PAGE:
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Dr Zoe Doubleday: tracing the origins of seafood and reimagining science communication

Dr Zoe Doubleday: tracing the origins of seafood and reimagining science communication

Zoe Doublday. Photo credit: Ben McPherson.

Zoe Doublday. Photo credit: Ben McPherson.

Dr Zoe Doubleday is an ARC Future Fellow working on a unique method to trace the origins of seafood, protecting Australia’s high value seafood industry and providing confidence for consumers.

Based at the University of South Australia’s Future Industries Institute, Dr Doubleday measures the chemical composition of tiny bones from the ears of fish and cephalopods (octopus, squid) and from seashells. The precise levels of certain chemicals are controlled by the ocean in which the bone or shell was formed, and so can reveal to us where in the world the animal was living.

As the world’s hunger for seafood increases, and fisheries are reaching maximum capacity, the risk of seafood fraud is also increasing, with high costs to seafood stocks and to the integrity of the global seafood trade.

In the embedded video, Dr Doubleday speaks about her research project and the challenges that the industry faces with illegally-sourced seafood.

I’m a marine ecologist and one of my specialties is looking at chemical fingerprints in the bones and shells of marine animals, and we do that as ecologists to find where they come from and how they're moving around and how the environment is changing around the animal and how that affects them.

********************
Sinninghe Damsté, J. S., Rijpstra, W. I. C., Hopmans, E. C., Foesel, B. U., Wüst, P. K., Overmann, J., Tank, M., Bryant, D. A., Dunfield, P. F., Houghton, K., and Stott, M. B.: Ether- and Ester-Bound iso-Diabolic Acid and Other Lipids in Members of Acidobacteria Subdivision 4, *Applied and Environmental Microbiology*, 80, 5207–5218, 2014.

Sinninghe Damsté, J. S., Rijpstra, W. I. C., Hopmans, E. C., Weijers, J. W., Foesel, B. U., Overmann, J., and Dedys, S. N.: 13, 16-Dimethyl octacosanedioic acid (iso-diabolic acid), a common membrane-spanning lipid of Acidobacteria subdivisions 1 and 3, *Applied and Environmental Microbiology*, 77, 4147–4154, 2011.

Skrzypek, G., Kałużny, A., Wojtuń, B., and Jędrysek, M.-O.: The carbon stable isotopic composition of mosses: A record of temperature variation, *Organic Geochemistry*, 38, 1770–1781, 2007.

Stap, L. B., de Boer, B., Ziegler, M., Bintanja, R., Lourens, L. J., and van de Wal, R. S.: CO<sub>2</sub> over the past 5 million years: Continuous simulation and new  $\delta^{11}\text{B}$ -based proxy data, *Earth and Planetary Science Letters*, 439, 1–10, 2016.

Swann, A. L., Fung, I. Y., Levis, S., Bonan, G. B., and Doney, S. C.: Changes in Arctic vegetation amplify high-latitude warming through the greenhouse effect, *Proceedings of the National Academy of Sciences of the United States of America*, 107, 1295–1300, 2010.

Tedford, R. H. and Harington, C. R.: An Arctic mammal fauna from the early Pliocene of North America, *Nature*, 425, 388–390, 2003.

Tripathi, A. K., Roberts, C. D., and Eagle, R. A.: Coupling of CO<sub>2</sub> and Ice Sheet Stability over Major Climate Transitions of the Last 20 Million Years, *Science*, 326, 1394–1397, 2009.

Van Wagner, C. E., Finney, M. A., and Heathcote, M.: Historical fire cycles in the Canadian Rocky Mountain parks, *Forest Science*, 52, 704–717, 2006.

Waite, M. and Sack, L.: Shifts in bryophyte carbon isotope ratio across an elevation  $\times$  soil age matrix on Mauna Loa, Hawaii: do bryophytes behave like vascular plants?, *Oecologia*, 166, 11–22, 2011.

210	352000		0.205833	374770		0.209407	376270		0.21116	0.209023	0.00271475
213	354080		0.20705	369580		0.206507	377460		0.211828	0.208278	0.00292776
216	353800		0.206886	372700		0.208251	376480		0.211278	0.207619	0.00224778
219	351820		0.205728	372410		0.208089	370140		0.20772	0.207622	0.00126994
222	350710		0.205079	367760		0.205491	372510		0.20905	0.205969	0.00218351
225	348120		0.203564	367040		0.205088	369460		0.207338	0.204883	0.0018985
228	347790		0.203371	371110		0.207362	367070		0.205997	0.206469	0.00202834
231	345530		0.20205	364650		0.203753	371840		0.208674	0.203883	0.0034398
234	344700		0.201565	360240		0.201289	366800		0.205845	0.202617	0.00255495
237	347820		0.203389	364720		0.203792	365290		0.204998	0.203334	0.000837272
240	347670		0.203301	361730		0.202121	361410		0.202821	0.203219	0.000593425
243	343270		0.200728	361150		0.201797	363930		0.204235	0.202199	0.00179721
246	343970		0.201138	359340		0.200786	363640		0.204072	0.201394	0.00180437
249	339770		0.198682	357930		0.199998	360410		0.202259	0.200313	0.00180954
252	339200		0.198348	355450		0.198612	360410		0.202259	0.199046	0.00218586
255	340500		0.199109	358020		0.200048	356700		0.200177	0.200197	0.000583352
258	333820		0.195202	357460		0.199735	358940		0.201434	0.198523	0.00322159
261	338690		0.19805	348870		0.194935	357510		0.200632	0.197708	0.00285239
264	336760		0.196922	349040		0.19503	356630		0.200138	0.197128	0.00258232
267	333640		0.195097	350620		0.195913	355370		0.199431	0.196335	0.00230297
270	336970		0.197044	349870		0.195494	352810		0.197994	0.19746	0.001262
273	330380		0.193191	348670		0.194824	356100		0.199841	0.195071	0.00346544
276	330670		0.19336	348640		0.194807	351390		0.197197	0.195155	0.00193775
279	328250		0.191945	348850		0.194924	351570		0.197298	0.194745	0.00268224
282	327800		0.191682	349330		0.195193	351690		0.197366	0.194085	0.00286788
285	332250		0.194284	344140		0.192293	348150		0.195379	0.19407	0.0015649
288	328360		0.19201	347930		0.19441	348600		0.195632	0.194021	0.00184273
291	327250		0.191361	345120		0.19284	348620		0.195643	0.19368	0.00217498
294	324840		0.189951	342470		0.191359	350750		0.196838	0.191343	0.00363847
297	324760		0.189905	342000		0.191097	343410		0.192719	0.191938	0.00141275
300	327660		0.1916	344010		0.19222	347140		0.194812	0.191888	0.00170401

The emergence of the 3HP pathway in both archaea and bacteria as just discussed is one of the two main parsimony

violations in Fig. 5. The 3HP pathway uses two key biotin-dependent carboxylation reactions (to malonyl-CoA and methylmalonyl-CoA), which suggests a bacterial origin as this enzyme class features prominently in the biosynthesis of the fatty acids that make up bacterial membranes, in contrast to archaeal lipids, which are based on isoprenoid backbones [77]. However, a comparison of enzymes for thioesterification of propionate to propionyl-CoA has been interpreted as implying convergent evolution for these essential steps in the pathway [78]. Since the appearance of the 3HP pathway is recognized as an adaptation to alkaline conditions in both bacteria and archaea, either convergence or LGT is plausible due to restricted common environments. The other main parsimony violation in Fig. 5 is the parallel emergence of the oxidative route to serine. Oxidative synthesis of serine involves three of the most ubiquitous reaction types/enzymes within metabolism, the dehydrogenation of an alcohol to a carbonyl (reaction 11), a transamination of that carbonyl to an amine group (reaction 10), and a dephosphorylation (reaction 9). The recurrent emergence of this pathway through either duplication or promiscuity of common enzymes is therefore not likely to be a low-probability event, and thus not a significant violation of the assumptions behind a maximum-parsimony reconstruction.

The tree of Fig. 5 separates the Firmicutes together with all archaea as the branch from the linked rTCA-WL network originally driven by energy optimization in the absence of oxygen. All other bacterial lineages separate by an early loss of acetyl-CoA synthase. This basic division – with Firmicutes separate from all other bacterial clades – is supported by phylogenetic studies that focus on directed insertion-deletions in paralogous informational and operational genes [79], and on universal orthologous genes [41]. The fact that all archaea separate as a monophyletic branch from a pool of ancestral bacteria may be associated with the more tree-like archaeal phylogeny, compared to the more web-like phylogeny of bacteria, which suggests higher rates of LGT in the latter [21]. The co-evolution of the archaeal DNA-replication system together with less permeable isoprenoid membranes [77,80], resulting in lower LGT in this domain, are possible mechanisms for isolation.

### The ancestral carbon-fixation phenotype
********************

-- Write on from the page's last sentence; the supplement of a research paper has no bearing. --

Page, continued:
I took those skills in ecology and geochemistry and translated it to the field of seafood provenance … which is just knowing were seafood comes from. 

Seafood is actually the most traded commodity in the world, exceeding even things like coffee wheat and sugar, and that makes it particularly vulnerable to fraud. So the seafood you buy from a shop might not actually be what it says it is.

And then if [there are] these practices like that, it can undermine consumer confidence in the brand and product, like we saw with the honey crisis when people found out that honey … [being sold as Australian was actually adulterated] … and it affected the local producers here.

I work particularly on the shells and bones of animals because the chemicals, the trace elements and the isotopes, so many of them are locked in within the structures in a very predictable and reliable way. For instance, abalone form highly valuable fisheries across southern Australia. We like these because the shells are made out of a calcium carbonate mineral.

And like most seafood species, most animals, seafood have these calcium carbonate structures. I work a lot on octopus and even octopus have calcium carbonate bones just behind the eyes and we use those as well.

One nice thing about this particular mineral is that certain isotopes and trace elements lock into that calcium carbonate in a predictable way.

So the key theory in my fellowship that I want to test is whether you're an abalone or an octopus or a sea urchin living in the same body of water, even though such hugely different animals on the tree of life that you, in theory, have the same fingerprinting or shell or your bones.

If we can find those universal markers … then we can use those tools to track where animals come from. This has applications for provenance if they're commercially harvested and also we can find out a lot about the biology and ecology.

Another aspect of the fellowship is to build maps of ocean chemistry, which we might call iso-scapes. So it's just a surface map of where we predict high and low values of isotopes … we can do that with oxygen isotopes because they're quite well studied in terms [of] we know how they relate to salinity, water temperature and latitude in quite a predictable way.

Our preliminary results are showing that oxygen isotopes are great, but the spatial resolution is quite coarse.